In a test run using November 2023 genotypes, 87.7% of the genotyped Holstein population was reported as noncarrier (0). Reports of “probable carrier” (3) and “probable homozygous” (4) are often due to the inability to confirm the presence of the mutated haplotype through available pedigree information.

HMW is a genetic condition that remains under investigation by Holstein Association USA (HAUSA) and has been a top research priority for HAUSA, CDCB, and USDA AGIL. In 2022, farmers in several states contacted researchers at Penn State about a suspected genetic condition characterized by a calf’s inability to stand up or remain standing if assisted. Initially referred to as calf recumbency, this condition has since been updated to early onset muscle weakness syndrome, or MW. According to current research, this disorder usually begins within the first two months of life. Calves exhibit muscle weakness, become unthrifty, and succumb to secondary health problems, such as pneumonia, or are euthanized.

Secondly, there will be an update to the haplotype call for cholesterol deficiency (HCD) in Holsteins. Through collaboration with HAUSA, CDCB and AGIL were granted access to more than 1.3 million female lab tests for cholesterol deficiency. These genetic tests are now included in the HCD haplotype call, improving the accuracy of results. In a test run using November 2023 genotypes, 96.6% of the Holstein population was reported as noncarrier (0) for HCD.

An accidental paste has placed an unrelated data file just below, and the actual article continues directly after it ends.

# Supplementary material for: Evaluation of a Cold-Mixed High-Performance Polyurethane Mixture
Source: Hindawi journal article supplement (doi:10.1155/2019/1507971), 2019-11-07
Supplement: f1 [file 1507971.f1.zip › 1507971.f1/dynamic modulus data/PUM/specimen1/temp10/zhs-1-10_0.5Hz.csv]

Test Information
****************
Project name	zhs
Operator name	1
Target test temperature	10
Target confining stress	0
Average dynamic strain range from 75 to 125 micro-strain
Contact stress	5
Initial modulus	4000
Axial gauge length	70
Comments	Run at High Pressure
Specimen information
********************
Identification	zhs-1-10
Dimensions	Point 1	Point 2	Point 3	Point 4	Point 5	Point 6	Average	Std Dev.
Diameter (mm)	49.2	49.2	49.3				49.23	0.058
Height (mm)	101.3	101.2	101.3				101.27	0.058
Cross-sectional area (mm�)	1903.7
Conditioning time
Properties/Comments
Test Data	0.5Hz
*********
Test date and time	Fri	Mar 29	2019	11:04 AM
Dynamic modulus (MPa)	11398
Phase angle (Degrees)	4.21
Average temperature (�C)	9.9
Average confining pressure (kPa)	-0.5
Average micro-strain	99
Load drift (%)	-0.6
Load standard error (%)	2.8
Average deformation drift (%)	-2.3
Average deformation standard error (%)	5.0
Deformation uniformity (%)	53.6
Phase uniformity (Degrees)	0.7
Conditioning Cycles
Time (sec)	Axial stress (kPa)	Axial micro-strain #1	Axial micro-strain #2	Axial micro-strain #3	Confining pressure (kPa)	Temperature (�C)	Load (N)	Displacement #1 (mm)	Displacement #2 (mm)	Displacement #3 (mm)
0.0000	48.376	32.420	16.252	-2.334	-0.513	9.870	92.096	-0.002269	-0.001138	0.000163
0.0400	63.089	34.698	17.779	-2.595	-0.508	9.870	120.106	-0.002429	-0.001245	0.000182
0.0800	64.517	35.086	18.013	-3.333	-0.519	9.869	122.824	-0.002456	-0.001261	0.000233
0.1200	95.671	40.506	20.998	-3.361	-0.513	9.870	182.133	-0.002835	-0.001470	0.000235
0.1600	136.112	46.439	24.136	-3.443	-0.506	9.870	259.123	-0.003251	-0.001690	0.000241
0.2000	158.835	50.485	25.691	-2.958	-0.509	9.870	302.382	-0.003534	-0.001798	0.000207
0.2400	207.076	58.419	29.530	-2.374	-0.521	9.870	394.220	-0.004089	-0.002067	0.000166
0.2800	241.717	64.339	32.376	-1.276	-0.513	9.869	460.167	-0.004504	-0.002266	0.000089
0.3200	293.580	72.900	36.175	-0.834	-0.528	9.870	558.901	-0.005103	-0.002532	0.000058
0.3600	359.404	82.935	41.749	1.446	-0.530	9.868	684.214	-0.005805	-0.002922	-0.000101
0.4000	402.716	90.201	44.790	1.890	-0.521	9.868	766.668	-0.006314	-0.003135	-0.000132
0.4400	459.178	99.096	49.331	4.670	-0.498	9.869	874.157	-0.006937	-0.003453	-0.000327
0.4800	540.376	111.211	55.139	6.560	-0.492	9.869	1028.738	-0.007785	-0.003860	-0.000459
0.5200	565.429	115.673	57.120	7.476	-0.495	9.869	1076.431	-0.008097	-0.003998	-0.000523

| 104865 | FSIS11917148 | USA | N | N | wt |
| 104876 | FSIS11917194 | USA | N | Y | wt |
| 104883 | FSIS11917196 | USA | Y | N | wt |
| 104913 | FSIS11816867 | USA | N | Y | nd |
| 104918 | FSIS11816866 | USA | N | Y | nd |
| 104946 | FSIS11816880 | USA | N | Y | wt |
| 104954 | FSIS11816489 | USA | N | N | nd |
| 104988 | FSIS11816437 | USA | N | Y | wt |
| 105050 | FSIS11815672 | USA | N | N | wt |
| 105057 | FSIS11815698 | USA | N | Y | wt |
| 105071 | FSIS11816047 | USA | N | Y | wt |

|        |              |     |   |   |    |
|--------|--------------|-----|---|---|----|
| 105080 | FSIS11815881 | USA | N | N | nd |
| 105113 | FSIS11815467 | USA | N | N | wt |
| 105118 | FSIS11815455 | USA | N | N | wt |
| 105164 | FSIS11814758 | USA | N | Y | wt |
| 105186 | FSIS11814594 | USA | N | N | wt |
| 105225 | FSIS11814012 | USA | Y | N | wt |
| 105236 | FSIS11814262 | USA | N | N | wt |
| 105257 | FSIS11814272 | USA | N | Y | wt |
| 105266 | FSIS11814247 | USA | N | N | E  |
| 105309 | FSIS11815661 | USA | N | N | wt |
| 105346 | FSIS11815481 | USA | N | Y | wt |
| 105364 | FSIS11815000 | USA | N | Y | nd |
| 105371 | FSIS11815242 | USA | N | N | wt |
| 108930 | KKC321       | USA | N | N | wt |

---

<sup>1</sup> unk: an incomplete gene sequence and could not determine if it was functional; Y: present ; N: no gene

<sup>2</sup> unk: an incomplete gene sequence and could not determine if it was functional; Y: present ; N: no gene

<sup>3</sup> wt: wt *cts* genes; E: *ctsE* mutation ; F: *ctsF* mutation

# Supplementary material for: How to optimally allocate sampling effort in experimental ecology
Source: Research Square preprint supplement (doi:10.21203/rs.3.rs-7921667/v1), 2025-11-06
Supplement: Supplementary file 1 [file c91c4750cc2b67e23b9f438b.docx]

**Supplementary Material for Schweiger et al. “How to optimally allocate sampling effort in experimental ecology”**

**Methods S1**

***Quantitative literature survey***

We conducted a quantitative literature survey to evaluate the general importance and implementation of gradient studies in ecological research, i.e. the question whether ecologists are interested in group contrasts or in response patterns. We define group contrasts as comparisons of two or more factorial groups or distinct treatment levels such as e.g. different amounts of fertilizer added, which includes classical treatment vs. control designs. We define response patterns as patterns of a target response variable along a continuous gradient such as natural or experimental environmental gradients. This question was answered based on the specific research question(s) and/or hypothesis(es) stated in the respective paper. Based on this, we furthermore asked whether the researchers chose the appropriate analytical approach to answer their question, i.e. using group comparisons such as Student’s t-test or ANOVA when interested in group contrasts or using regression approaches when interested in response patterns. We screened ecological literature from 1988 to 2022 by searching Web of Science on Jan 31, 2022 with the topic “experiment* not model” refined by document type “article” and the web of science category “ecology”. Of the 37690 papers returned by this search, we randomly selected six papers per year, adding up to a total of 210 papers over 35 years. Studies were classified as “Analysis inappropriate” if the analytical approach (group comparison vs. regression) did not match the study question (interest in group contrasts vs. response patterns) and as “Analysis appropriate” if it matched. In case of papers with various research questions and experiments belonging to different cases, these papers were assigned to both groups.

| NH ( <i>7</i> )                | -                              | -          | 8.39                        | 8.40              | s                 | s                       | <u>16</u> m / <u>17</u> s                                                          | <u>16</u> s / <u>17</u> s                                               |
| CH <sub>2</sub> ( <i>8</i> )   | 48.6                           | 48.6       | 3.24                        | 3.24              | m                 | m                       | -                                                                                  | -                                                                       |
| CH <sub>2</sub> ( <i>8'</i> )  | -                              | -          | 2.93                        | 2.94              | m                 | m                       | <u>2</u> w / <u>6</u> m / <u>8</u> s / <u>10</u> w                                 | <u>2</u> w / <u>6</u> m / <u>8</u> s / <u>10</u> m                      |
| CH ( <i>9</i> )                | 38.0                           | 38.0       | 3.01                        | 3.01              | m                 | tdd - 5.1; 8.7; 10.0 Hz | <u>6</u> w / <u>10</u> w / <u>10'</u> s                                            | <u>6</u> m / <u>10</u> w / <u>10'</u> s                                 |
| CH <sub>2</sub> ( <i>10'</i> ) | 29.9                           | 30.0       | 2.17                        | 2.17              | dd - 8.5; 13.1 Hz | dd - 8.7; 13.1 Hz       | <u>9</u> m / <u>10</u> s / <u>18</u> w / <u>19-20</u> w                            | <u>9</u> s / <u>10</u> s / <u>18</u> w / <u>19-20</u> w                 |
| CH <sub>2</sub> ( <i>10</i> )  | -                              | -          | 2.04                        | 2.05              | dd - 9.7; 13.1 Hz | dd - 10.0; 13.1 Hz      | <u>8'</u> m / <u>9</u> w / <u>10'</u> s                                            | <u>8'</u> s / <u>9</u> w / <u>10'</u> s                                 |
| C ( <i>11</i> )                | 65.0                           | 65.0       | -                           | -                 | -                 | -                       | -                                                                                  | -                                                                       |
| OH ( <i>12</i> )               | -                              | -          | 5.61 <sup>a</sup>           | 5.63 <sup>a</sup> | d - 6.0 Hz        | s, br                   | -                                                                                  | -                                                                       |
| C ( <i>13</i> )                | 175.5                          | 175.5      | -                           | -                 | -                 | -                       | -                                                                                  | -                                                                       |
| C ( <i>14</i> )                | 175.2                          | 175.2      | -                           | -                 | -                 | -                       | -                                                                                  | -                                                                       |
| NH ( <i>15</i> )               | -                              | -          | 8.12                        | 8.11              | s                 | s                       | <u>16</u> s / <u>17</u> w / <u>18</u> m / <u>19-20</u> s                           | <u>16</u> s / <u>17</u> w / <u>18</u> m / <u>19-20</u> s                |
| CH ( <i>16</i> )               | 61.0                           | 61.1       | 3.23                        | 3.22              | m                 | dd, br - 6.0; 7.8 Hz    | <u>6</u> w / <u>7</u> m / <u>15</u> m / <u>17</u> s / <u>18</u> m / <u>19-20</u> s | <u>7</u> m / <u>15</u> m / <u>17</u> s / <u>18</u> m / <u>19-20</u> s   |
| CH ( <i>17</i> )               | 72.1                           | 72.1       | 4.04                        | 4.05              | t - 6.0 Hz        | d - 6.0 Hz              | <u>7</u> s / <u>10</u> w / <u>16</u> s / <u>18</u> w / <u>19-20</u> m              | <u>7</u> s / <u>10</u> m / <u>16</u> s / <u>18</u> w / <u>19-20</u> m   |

Also, the imputed genotypes for all animals will be updated in the December evaluations. Imputation is the process in which haplotypes are obtained. This is a periodic process that ensures the full population benefits from the latest information on SNPs. This is expected to result in higher variability of haplotype calls for specific subsets of the population. Animals that have complete pedigrees and were genotyped with a high-density chip are expected to remain stable.

Read more about these changes, as published by CDCB and USDA AGIL.

What are the next steps?

As with any genetic condition, when producers know animals’ carrier status, they can manage the condition within their herd by avoiding homozygous, or carrier-to-carrier, matings. An HMW call of 1, 2, 3, or 4 in an animal should not automatically equate to removal from the herd. Instead, the call indicates a new factor to be managed through mating and selection decisions.

As with any genetic condition, testing for its presence is the best first step in managing the condition. As breeders perform HMW gene tests on animals, they are encouraged to submit test results to HAUSA. A collaboration is in place between HAUSA and CDCB to confidentially exchange these gene test results as a tool to improve the HMW haplotype call and reduce the number of animals with a 3 or 4 (“probable”) HMW result in future evaluations.

This topic was further described by a panel during the CDCB meeting at World Dairy Expo in October. Read more here.

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(c) Hoard's Dairyman Intel 2023
December 4, 2023